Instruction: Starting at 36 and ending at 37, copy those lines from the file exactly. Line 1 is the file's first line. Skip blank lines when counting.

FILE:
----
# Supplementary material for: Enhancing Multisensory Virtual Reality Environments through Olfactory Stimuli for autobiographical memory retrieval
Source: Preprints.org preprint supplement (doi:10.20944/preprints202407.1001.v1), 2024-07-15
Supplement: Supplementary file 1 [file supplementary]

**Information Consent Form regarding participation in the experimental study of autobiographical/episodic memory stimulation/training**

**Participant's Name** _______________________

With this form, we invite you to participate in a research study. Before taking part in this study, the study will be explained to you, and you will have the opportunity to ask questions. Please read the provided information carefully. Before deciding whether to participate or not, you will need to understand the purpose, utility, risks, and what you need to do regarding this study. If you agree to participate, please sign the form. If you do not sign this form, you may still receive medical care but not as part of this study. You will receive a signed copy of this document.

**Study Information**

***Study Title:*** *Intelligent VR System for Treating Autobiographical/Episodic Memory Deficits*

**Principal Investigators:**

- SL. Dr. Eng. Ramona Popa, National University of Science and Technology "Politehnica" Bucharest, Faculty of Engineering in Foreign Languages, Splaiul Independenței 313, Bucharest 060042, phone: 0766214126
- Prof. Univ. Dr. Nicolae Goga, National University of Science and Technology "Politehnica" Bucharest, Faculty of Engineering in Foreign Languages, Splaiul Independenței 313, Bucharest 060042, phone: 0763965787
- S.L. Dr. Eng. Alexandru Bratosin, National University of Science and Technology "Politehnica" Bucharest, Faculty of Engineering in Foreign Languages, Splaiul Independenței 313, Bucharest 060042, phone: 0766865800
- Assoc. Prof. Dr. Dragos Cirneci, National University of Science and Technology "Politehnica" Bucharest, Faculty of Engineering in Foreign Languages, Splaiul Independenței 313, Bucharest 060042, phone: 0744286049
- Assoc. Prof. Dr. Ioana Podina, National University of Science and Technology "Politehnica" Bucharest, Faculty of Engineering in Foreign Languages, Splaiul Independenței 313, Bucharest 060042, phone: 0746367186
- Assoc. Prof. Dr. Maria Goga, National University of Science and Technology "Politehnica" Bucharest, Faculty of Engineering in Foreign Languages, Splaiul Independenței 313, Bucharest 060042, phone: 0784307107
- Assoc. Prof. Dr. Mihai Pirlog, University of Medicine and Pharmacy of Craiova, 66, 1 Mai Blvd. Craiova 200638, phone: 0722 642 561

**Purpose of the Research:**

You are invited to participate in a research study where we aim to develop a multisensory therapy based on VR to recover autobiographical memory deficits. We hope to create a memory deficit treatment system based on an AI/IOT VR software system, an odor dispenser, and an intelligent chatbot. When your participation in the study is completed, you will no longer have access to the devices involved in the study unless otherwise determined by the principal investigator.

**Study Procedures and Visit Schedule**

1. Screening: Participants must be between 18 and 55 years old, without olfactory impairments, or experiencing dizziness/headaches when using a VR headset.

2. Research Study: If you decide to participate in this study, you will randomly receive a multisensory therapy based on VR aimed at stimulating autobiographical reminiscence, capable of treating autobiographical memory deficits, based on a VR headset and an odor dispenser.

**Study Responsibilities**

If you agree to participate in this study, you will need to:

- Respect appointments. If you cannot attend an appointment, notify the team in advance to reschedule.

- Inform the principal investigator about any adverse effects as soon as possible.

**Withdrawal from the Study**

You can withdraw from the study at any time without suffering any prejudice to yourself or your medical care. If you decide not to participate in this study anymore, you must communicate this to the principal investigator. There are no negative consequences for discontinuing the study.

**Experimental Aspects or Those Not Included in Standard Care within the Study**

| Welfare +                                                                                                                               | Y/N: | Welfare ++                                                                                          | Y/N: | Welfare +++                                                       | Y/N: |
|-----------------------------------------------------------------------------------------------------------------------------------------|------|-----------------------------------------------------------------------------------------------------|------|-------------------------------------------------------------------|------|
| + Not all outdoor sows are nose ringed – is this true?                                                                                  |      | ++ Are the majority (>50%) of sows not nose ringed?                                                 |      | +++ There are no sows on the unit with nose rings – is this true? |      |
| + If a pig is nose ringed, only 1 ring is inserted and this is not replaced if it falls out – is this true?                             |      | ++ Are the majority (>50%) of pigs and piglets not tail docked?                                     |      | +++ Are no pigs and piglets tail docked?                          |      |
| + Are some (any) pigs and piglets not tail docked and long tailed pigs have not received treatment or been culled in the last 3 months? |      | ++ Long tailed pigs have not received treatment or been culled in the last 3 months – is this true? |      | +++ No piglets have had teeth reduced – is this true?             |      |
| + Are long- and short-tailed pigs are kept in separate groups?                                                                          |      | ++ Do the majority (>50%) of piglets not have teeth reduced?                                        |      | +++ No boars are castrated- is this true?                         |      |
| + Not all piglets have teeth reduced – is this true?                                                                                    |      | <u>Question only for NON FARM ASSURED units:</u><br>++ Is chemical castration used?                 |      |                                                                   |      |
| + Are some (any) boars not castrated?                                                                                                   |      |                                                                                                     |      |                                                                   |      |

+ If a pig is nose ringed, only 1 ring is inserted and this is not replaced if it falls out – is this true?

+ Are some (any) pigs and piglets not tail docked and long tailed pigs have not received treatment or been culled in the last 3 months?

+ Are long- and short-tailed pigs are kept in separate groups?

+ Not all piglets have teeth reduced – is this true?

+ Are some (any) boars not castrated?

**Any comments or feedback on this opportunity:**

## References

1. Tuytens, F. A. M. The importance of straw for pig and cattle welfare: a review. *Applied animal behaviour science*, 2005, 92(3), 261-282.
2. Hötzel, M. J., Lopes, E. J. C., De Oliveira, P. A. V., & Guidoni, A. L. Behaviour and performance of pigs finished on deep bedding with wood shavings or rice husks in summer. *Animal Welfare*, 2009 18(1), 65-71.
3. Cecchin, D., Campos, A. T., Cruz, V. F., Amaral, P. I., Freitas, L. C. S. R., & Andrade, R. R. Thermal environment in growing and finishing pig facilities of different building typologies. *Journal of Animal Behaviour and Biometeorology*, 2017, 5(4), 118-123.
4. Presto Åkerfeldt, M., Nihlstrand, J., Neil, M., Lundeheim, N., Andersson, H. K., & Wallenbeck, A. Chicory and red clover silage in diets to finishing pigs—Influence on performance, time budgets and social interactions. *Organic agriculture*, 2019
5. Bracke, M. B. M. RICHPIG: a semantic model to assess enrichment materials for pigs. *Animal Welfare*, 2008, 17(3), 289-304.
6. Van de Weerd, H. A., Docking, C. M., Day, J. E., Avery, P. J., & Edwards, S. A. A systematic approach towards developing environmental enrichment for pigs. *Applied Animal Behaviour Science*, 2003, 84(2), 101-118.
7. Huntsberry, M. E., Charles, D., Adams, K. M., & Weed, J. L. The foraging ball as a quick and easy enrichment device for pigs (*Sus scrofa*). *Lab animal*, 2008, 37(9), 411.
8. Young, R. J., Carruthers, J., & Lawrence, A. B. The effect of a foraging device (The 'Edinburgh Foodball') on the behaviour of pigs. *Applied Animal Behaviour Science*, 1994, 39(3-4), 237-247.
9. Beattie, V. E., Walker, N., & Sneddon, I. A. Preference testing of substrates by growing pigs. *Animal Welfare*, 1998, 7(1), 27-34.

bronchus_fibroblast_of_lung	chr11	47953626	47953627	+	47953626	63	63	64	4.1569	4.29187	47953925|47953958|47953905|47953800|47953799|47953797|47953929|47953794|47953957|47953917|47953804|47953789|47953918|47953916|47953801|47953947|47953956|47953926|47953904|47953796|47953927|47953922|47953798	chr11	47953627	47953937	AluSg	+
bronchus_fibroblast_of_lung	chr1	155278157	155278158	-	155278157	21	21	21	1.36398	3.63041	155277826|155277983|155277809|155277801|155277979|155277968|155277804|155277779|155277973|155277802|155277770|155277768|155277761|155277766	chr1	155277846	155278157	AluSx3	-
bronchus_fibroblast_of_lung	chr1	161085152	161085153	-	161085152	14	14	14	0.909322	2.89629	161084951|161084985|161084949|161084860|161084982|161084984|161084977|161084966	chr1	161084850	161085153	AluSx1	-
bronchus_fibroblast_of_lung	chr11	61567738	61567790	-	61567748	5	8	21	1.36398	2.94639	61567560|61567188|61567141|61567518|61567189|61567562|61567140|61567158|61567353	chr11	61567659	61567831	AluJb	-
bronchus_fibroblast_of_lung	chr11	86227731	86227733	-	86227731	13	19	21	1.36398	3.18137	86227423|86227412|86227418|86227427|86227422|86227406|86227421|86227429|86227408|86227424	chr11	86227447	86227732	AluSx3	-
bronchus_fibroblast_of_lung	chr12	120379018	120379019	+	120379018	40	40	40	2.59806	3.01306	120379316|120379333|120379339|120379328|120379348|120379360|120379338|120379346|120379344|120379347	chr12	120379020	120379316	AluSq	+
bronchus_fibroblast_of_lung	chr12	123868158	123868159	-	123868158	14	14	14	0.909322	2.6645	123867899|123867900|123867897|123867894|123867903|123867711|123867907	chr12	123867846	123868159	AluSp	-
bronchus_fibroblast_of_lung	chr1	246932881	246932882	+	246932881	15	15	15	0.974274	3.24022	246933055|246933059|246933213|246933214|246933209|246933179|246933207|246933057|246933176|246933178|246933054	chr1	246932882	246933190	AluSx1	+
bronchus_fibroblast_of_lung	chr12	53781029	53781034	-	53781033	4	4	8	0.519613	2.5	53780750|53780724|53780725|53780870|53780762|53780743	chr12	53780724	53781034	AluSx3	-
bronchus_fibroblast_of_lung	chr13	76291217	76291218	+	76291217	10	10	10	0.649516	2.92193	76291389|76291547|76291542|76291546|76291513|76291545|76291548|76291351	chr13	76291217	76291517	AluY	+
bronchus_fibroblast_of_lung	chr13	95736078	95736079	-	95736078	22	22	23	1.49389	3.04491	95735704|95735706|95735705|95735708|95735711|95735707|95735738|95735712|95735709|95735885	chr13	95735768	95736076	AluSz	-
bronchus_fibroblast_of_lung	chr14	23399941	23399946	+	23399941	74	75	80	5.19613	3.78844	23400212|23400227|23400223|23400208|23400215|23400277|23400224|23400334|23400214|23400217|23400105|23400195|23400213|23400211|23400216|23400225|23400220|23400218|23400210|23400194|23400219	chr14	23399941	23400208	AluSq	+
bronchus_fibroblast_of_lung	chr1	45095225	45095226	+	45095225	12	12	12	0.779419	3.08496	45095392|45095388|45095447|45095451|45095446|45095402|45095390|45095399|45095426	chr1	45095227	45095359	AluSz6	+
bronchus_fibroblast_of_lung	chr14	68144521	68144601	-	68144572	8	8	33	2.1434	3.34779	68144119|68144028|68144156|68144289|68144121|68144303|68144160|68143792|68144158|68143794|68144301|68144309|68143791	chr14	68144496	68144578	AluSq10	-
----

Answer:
| + Are some (any) boars not castrated?                                                                                                   |      |                                                                                                     |      |                                                                   |      |

+ If a pig is nose ringed, only 1 ring is inserted and this is not replaced if it falls out – is this true?